Eye on ASCO Day 1 – There’s life in the old drugs yet
The American Society of Clinical Oncology meeting, the world’s biggest cancer conference, has kicked off in blazing sunshine and amid much anticipation in Chicago.
Before joining the 30,000 or so doctors, researchers, media and, yes, patients, in the vast McCormick Place convention centre, pharmaphorum headed downtown to a press briefing by Roche. The Swiss giant is presenting over 200 abstracts across eight different cancer types or so but highlighted just a couple of therapies – Alecensa (alectinib), its oral anaplastic lymphoma kinase (ALK) inhibitor that was granted accelerated approval by the US Food and Drug Administration in December, and its immunotherapy Tecentriq (atezolizumab).
The latter, a PD-L1 inhibitor, has just got the thumbs-up from the FDA for the most common type of bladder cancer, called urothelial carcinoma. Thomas Buechele, head of product development and medical affairs, haematology and oncology, told pharmaphorum that the company is extremely enthusiastic about the potential of Tecentriq in combination with other treatments, both from within its own portfolio and pipeline and from outside.
Back to ASCO where it was out with the new and in with the old as four presentations at the press briefing looked at new approaches with conventional therapies. It should have been five but ASCO dumped Immunomedics’ sacituzumab govitecan for refractory/relapsed metastatic triple-negative breast cancer from the briefing, following a complaint that the company had already reported the results in April.
Causing the biggest stir was data from a 500-patient trial on Mylan and Biocon’s biosimilar of Roche’s Herceptin (trastuzumab), which showed that it is comparable in efficacy and safety to the branded product in women with HER2-positive advanced breast cancer.
Presenting the data, Hope Rugo of the University of California San Francisco gave her backing to a Herceptin biosimilar, saying it will expand patient access. Researchers at these big medical conferences wince when the subject of cash is brought up and Dr Rugo would not get into a game of how much cheaper the Mylan version will be but acknowledged it will be lower. As for take up in the USA, where the biosimilar path has been a rocky one and suspicion surrounds them, she said if insurance companies push for them, the plain fact is they will be used.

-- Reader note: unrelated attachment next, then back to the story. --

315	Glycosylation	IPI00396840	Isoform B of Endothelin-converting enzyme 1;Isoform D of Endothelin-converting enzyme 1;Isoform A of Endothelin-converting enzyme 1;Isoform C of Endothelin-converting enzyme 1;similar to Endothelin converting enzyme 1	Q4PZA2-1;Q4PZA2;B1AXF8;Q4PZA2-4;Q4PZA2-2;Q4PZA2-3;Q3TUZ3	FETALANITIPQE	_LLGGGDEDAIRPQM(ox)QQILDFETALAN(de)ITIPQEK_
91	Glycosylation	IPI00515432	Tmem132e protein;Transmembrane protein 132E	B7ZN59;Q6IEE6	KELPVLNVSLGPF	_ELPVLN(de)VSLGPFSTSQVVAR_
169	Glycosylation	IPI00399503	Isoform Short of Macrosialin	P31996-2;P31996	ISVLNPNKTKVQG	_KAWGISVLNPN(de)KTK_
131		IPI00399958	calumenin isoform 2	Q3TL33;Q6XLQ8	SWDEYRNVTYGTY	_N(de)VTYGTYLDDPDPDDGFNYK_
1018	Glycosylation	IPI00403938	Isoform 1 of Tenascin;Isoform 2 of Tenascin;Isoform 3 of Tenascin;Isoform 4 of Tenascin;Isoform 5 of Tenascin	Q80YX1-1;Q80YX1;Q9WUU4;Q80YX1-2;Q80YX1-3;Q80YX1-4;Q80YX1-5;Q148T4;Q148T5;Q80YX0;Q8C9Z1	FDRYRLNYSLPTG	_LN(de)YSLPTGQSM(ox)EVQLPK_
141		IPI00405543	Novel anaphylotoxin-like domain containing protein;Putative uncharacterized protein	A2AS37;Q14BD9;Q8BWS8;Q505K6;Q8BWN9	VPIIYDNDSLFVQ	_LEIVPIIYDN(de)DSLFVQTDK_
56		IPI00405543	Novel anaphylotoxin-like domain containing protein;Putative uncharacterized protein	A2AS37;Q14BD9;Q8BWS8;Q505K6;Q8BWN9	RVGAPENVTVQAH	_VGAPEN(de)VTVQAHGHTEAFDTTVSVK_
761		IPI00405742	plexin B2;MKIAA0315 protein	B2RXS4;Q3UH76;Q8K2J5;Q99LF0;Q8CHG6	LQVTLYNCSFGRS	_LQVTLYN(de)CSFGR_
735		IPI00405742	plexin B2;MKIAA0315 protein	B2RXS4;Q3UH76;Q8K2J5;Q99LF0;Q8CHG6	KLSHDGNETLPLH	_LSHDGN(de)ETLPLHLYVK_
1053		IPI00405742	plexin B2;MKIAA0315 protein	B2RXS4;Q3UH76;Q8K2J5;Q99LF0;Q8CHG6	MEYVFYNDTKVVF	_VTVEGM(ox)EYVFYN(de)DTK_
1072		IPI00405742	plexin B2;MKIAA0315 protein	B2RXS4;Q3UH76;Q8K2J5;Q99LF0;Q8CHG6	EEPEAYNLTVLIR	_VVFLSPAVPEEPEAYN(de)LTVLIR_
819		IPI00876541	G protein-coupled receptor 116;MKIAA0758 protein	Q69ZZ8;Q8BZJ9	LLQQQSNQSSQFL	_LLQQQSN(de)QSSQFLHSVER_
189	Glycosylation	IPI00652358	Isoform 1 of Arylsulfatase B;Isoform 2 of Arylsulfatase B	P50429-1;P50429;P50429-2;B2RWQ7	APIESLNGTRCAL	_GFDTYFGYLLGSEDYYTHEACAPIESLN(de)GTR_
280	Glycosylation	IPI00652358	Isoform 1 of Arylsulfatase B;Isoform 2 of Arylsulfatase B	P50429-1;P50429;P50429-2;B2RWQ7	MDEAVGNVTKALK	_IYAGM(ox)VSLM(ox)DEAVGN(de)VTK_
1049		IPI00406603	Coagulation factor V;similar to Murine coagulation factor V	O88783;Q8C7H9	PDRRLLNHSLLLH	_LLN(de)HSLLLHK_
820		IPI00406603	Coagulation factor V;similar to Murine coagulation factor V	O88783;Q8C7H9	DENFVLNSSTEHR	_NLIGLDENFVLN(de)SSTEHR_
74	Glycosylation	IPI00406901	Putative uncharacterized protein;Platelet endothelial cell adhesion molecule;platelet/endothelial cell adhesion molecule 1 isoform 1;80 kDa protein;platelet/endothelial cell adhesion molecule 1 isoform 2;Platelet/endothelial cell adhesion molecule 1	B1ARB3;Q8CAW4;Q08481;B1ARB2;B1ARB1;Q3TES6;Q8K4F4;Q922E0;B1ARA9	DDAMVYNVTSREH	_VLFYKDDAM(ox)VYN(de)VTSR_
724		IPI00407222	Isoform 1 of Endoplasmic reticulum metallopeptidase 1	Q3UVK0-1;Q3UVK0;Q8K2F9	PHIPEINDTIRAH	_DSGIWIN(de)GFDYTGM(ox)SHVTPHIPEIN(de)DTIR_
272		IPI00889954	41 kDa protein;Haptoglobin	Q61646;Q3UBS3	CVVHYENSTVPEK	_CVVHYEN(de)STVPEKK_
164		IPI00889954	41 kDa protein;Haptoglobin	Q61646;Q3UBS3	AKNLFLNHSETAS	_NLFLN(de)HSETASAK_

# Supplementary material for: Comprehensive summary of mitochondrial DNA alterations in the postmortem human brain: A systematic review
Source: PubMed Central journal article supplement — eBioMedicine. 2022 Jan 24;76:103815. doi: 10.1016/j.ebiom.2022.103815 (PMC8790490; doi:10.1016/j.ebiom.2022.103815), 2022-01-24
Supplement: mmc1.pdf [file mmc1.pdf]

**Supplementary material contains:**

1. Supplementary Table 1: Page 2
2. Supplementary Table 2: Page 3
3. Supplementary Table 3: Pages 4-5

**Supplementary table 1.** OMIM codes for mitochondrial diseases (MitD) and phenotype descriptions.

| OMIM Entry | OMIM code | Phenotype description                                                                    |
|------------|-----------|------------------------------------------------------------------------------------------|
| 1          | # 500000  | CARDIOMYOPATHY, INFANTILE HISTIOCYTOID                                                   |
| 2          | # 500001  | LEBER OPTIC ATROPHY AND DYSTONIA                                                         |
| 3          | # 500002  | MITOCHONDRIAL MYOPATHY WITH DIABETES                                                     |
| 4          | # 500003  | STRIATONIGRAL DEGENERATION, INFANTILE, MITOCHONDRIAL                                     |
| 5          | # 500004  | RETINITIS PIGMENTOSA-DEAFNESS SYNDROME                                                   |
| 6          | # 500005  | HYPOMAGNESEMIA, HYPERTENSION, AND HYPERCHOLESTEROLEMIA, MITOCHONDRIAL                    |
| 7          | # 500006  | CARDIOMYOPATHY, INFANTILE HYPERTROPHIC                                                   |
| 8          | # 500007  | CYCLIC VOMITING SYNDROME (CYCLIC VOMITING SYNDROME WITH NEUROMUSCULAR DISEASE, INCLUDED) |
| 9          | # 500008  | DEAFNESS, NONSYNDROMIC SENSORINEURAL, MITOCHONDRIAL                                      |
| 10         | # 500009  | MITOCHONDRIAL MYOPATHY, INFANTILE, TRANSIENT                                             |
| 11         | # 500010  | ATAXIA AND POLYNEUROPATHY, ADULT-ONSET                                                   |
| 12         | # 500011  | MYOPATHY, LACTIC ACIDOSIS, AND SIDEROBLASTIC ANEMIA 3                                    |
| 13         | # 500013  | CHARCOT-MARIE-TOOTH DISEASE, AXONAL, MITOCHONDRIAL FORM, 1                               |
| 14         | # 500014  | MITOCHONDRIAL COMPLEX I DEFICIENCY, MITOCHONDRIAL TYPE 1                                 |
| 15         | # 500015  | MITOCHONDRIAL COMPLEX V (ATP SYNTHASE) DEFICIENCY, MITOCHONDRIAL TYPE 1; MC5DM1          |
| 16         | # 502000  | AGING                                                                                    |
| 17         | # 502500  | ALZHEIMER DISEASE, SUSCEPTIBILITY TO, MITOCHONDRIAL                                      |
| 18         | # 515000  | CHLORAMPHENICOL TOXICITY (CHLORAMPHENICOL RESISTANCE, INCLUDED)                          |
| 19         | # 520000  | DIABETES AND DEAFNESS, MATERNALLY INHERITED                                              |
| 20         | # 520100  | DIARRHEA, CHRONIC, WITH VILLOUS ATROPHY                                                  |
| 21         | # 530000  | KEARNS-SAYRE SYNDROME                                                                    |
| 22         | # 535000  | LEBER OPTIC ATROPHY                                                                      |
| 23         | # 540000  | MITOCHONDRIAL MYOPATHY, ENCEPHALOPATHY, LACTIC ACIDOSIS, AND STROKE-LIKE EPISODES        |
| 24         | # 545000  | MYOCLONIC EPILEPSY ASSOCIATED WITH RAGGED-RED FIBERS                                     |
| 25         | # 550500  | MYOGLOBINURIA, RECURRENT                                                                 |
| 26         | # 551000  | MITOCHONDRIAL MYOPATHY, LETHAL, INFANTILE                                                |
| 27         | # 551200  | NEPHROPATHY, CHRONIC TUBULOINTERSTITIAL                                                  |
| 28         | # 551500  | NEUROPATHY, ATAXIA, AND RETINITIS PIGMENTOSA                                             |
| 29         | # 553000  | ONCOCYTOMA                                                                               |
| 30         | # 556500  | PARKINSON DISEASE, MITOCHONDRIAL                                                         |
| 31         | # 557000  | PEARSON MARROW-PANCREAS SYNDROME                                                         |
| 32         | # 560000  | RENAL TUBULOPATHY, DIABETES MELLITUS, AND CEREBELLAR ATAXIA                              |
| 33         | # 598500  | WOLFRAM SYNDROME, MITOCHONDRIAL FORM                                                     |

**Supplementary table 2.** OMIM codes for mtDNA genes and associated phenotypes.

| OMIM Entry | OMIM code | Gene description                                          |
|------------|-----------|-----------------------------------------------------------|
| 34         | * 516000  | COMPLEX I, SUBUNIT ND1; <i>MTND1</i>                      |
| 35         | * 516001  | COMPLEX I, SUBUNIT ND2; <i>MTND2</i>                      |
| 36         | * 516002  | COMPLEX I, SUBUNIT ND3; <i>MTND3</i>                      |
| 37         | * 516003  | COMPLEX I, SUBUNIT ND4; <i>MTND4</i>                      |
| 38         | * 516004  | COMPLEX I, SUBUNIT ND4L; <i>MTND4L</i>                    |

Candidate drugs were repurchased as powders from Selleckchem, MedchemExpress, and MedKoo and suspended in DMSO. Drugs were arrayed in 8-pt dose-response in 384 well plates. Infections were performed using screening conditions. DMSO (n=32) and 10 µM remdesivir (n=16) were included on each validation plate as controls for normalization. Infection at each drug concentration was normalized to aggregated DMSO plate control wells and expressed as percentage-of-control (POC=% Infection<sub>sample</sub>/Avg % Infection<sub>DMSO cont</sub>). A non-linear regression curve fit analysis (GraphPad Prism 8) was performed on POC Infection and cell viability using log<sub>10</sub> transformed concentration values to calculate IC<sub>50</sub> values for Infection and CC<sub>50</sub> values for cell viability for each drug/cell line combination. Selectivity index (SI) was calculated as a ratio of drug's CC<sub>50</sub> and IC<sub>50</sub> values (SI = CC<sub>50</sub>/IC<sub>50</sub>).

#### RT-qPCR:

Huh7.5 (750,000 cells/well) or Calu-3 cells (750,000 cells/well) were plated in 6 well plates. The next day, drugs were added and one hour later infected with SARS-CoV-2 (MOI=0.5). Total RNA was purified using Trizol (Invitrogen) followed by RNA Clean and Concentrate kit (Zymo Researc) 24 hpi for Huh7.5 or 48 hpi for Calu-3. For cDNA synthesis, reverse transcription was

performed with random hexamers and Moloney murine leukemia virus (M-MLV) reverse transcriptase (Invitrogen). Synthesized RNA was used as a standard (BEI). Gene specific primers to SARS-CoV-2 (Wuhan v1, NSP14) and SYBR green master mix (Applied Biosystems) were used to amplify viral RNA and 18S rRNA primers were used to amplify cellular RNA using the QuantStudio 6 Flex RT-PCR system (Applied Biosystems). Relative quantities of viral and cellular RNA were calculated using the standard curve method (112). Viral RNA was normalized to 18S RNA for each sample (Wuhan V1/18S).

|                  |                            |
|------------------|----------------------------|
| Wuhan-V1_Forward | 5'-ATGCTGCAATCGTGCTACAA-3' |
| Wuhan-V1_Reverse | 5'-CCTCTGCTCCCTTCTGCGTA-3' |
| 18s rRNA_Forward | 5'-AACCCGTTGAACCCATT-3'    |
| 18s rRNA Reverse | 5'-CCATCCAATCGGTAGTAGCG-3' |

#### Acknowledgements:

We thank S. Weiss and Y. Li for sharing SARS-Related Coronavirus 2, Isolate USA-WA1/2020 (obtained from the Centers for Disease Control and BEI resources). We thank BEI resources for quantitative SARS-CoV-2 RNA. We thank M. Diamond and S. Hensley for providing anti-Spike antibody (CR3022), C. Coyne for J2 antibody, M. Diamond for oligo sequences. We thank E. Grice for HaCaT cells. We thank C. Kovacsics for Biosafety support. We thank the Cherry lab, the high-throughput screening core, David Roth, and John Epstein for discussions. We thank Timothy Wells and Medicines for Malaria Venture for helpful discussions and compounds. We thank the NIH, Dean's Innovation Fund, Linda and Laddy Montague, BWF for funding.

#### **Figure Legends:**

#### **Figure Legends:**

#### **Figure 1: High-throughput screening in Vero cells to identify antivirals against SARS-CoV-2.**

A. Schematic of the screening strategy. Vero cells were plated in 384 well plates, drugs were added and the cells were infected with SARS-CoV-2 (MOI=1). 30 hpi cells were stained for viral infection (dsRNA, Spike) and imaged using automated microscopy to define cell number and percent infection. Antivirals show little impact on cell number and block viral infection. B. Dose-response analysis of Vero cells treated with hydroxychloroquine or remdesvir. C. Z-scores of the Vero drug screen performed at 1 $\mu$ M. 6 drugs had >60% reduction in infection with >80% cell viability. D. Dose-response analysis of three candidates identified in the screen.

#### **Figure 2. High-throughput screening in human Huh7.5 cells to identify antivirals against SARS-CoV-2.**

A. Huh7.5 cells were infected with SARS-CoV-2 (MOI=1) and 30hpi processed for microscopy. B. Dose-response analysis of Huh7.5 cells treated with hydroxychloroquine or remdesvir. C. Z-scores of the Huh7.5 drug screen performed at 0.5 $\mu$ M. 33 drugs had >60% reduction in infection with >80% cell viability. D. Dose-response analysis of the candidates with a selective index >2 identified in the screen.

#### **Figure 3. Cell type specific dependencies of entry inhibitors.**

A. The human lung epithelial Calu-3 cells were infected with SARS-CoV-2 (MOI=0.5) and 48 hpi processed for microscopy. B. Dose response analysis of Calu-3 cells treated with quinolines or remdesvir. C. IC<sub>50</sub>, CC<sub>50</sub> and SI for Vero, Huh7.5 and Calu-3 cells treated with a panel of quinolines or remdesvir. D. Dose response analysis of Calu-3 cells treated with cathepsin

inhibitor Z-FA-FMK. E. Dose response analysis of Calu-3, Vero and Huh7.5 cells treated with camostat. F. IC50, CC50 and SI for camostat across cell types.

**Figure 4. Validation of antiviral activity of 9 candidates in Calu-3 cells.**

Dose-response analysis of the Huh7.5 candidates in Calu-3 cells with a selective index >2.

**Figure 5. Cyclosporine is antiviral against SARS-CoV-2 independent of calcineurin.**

There was also some extremely good news about pancreatic cancer, a disease where survival rates have hardly moved and the list of clinical failures is a lengthy one.
Dr John Neoptolemos of the University of Liverpool presented data from a study of 732 patients with early-stage pancreatic cancer who had undergone surgery within 12 weeks of diagnosis.
They were given gemcitabine alone or gemcitabine with capecitabine for 24 weeks and the median overall survival was 28.0 months with the combo versus 25.5 months with gemcitabine alone. However, the marvellous bit of news was that five-year survival rates were 28.8% versus 16.3%, which Dr Neoptolemos said was extremely exciting, especially for a disease whether the outlook has been none too bright.
So a timely reminder that it is not just the sparkly new therapies that can work.
Kevin Grogan is on site at ASCO and reporting each day for pharmaphorum – to view our full coverage generated throughout the conference click here.